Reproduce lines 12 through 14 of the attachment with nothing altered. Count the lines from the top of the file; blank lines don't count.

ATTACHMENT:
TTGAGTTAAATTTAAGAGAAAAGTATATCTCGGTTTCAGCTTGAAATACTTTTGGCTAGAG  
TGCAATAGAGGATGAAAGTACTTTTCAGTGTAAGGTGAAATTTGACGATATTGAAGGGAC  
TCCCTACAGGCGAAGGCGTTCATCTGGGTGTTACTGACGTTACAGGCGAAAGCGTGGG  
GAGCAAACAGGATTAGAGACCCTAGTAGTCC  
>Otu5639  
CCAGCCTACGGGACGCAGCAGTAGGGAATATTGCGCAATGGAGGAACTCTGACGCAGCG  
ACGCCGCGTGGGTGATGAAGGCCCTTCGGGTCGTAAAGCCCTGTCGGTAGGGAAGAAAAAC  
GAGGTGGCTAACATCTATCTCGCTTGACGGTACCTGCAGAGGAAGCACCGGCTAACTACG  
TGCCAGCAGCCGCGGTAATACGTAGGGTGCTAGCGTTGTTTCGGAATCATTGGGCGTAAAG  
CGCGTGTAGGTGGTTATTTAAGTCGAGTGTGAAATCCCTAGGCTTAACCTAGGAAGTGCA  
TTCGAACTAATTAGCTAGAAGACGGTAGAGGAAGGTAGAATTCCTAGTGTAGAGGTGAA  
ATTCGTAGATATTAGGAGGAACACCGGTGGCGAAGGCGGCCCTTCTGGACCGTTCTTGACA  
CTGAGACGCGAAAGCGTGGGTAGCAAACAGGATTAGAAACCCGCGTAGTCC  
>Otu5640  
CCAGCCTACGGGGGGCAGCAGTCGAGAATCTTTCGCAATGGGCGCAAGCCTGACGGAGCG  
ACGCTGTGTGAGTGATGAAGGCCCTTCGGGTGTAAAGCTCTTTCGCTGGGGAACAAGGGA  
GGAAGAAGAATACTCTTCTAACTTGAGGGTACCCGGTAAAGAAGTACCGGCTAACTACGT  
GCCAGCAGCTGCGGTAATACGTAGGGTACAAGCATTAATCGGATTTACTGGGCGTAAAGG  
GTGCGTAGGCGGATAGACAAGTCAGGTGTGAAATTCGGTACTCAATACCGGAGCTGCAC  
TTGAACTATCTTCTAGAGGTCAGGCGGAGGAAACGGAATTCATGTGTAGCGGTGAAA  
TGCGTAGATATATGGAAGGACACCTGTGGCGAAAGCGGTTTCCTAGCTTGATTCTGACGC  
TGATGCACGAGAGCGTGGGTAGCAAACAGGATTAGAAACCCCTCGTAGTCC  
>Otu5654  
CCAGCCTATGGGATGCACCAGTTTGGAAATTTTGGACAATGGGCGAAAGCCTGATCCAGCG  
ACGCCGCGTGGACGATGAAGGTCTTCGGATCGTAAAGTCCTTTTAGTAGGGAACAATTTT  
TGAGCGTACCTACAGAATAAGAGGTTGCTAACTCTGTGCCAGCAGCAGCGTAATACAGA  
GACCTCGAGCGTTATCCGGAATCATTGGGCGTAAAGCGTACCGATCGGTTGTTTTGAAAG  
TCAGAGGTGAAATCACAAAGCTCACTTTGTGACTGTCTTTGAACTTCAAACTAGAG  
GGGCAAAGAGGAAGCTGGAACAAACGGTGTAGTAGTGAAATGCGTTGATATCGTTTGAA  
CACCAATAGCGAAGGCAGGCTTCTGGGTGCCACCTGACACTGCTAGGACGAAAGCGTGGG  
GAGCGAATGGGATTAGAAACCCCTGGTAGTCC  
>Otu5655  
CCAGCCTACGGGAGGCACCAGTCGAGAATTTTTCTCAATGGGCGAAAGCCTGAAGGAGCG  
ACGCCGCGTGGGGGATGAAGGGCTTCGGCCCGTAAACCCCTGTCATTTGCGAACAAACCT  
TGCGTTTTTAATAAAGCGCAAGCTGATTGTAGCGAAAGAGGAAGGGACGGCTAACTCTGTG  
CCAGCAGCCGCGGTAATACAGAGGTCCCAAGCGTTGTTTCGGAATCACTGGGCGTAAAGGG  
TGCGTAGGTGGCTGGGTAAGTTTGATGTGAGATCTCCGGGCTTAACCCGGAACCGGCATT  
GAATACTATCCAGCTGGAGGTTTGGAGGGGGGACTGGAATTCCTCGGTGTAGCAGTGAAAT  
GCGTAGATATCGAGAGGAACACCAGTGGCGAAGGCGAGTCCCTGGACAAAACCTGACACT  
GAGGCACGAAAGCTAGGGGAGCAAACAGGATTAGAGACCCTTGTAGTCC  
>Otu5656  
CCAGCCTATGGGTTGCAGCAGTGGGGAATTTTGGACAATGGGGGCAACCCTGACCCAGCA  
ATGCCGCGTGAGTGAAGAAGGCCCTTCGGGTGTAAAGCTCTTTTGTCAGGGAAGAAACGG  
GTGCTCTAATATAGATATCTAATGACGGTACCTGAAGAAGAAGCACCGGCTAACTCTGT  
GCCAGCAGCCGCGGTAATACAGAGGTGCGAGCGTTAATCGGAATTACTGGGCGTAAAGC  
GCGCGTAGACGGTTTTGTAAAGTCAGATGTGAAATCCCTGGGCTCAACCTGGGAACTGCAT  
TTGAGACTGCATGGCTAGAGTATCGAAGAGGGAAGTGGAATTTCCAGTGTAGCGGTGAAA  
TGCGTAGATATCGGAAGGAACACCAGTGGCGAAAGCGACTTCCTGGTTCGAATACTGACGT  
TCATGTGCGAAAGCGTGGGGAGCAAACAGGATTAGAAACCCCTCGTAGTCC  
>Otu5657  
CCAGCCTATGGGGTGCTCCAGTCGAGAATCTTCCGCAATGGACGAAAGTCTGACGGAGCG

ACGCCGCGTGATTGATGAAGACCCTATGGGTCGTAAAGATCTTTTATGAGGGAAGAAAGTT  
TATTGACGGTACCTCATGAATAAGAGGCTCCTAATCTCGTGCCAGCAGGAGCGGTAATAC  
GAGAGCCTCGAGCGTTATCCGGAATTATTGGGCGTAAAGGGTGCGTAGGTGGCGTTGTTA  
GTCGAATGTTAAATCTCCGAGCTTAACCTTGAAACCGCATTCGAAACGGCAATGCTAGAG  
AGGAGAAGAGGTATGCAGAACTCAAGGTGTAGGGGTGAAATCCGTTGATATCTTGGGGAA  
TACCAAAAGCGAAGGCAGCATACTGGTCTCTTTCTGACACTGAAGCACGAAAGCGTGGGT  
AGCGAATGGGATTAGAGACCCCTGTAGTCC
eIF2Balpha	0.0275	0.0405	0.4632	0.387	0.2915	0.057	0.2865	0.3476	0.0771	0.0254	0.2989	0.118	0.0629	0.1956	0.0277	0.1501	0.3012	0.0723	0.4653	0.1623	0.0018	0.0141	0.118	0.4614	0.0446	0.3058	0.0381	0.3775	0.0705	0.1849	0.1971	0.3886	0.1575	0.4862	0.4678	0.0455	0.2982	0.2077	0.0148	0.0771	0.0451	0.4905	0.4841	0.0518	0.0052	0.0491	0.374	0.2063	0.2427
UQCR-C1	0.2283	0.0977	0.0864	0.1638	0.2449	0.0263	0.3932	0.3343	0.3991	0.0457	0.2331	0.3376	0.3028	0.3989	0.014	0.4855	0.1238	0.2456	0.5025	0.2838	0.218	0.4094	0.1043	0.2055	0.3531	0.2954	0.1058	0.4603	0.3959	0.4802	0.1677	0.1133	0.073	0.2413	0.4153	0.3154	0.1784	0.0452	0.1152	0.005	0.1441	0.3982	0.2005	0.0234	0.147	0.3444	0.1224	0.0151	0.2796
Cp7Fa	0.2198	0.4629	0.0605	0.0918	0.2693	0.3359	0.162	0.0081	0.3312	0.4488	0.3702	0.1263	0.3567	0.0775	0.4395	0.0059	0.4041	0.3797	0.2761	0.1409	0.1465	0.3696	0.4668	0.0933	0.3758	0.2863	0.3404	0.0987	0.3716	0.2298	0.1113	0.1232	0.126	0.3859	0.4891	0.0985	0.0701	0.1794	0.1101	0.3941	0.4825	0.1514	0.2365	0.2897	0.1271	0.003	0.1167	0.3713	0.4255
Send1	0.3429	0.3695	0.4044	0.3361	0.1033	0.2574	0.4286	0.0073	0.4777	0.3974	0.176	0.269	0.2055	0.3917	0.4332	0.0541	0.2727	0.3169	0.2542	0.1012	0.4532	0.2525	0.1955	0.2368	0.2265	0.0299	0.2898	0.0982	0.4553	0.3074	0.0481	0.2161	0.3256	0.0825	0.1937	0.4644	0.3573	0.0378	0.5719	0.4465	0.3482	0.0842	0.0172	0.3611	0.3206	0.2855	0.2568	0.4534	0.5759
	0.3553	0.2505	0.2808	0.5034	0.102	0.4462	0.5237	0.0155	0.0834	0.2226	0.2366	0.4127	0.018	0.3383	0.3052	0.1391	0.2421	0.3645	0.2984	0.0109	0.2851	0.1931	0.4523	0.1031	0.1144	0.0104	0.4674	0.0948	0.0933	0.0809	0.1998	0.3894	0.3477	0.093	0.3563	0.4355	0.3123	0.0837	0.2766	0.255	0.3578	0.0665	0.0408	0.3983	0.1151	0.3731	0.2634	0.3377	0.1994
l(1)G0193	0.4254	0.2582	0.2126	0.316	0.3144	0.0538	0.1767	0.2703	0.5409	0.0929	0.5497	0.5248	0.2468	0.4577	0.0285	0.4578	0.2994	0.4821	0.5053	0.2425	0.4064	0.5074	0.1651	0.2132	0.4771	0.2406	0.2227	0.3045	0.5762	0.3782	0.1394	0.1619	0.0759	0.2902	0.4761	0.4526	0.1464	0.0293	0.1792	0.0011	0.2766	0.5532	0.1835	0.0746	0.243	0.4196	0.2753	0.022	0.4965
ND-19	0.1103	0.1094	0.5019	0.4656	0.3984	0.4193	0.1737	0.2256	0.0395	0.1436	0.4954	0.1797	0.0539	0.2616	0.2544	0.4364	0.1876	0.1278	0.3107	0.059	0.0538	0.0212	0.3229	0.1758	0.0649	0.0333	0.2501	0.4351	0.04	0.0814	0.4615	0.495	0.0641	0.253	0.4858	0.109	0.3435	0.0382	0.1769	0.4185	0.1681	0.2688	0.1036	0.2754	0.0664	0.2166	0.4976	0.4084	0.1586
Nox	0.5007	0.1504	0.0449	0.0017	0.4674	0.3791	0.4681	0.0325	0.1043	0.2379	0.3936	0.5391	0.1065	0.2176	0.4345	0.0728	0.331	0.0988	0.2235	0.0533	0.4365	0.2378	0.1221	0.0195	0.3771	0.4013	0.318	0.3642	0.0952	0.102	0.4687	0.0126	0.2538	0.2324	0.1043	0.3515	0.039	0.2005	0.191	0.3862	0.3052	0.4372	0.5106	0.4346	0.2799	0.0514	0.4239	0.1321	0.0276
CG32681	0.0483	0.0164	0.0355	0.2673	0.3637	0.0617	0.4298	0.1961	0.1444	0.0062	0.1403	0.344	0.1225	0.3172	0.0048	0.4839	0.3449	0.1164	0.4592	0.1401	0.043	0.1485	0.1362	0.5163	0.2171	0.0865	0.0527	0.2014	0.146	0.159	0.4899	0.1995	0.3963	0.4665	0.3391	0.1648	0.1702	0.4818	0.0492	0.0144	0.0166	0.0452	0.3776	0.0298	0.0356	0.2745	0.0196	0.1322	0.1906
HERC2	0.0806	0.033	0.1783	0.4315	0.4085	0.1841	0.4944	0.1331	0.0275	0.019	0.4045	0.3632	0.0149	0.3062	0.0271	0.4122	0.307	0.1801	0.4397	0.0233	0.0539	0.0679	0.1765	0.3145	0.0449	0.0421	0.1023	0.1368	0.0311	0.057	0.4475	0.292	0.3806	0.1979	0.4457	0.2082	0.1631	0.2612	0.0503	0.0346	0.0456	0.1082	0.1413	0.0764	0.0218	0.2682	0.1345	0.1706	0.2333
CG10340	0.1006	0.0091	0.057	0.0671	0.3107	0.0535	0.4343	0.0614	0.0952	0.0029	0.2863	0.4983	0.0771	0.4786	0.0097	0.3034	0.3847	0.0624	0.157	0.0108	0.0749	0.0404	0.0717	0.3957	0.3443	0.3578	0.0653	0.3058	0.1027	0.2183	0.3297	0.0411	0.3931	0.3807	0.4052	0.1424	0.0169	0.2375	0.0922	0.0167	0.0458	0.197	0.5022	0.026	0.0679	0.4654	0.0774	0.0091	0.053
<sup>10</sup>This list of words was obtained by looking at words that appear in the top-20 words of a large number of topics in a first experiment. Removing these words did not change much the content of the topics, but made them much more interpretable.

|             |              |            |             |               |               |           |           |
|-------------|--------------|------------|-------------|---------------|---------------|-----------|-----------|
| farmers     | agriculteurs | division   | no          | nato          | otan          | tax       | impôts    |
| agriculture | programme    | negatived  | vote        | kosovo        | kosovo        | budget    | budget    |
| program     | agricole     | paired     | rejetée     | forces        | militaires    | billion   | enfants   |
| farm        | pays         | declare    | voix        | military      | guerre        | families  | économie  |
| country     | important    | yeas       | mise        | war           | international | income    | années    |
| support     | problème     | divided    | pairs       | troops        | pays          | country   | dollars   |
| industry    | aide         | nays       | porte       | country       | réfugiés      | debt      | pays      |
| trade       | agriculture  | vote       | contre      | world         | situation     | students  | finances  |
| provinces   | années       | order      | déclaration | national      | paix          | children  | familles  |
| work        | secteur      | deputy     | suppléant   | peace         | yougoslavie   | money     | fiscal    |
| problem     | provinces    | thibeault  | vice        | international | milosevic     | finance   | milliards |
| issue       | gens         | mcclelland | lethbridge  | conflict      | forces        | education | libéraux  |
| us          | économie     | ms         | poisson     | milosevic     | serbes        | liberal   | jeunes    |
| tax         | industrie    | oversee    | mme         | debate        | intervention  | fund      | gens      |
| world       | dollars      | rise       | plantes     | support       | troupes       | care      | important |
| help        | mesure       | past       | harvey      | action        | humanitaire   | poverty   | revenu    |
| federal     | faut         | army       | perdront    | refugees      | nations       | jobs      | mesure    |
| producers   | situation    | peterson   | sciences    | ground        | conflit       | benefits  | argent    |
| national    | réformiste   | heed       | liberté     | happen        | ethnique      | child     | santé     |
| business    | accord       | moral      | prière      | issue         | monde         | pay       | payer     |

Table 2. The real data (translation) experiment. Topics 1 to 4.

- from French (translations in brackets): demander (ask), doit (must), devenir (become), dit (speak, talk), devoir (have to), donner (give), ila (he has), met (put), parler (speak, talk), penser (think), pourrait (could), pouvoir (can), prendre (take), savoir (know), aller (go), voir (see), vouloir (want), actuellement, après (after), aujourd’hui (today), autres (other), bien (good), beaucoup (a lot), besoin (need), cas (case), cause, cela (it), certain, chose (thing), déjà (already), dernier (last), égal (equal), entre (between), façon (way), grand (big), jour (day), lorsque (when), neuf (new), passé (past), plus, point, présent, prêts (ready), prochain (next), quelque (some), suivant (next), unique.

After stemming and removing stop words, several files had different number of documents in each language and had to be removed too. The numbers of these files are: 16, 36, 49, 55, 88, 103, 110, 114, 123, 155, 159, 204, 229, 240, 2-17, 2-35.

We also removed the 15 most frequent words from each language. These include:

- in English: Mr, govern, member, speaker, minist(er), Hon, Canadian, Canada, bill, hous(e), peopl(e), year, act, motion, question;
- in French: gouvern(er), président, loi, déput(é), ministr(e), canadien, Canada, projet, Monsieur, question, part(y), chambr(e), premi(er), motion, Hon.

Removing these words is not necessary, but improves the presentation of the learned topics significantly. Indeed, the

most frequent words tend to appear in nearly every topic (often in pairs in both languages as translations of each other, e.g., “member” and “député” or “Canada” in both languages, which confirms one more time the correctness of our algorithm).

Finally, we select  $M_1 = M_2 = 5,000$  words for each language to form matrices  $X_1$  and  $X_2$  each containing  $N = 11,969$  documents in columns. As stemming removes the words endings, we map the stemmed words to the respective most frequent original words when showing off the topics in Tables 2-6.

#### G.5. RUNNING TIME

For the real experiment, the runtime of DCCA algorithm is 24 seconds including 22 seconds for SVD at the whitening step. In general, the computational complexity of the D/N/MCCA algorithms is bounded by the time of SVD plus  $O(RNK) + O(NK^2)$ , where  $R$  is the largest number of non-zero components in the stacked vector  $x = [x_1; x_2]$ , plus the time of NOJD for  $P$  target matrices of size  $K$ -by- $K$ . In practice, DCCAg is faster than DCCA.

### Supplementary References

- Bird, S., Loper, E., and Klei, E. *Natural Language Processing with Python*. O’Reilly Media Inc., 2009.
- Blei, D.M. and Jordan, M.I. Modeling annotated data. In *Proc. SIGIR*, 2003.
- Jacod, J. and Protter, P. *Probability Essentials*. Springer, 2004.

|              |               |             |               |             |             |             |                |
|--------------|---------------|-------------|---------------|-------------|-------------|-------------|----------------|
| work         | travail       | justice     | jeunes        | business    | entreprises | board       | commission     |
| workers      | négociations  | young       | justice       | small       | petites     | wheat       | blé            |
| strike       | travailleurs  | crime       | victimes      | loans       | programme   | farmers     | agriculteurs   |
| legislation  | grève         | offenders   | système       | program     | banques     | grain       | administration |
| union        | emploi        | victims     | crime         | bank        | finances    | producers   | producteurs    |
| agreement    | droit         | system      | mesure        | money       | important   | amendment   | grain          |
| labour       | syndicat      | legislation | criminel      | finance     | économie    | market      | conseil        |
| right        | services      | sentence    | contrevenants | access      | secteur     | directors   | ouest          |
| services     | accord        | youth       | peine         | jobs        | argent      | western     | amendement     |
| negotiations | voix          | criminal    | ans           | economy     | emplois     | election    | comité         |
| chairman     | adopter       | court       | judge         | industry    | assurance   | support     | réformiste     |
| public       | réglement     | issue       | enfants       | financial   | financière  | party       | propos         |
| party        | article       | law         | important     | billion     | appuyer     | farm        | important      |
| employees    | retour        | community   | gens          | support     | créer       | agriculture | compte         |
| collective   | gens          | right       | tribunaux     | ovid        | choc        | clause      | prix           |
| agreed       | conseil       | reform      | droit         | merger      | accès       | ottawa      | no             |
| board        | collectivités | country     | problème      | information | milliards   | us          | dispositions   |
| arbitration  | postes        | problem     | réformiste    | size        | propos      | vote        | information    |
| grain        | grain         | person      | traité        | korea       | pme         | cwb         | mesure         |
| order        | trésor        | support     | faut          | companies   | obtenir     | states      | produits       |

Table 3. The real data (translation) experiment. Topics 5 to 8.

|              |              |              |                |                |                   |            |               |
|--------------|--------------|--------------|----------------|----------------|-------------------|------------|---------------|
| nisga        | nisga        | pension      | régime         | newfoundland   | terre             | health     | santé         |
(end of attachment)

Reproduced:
ATTCGTAGATATTAGGAGGAACACCGGTGGCGAAGGCGGCCCTTCTGGACCGTTCTTGACA  
CTGAGACGCGAAAGCGTGGGTAGCAAACAGGATTAGAAACCCGCGTAGTCC  
>Otu5640  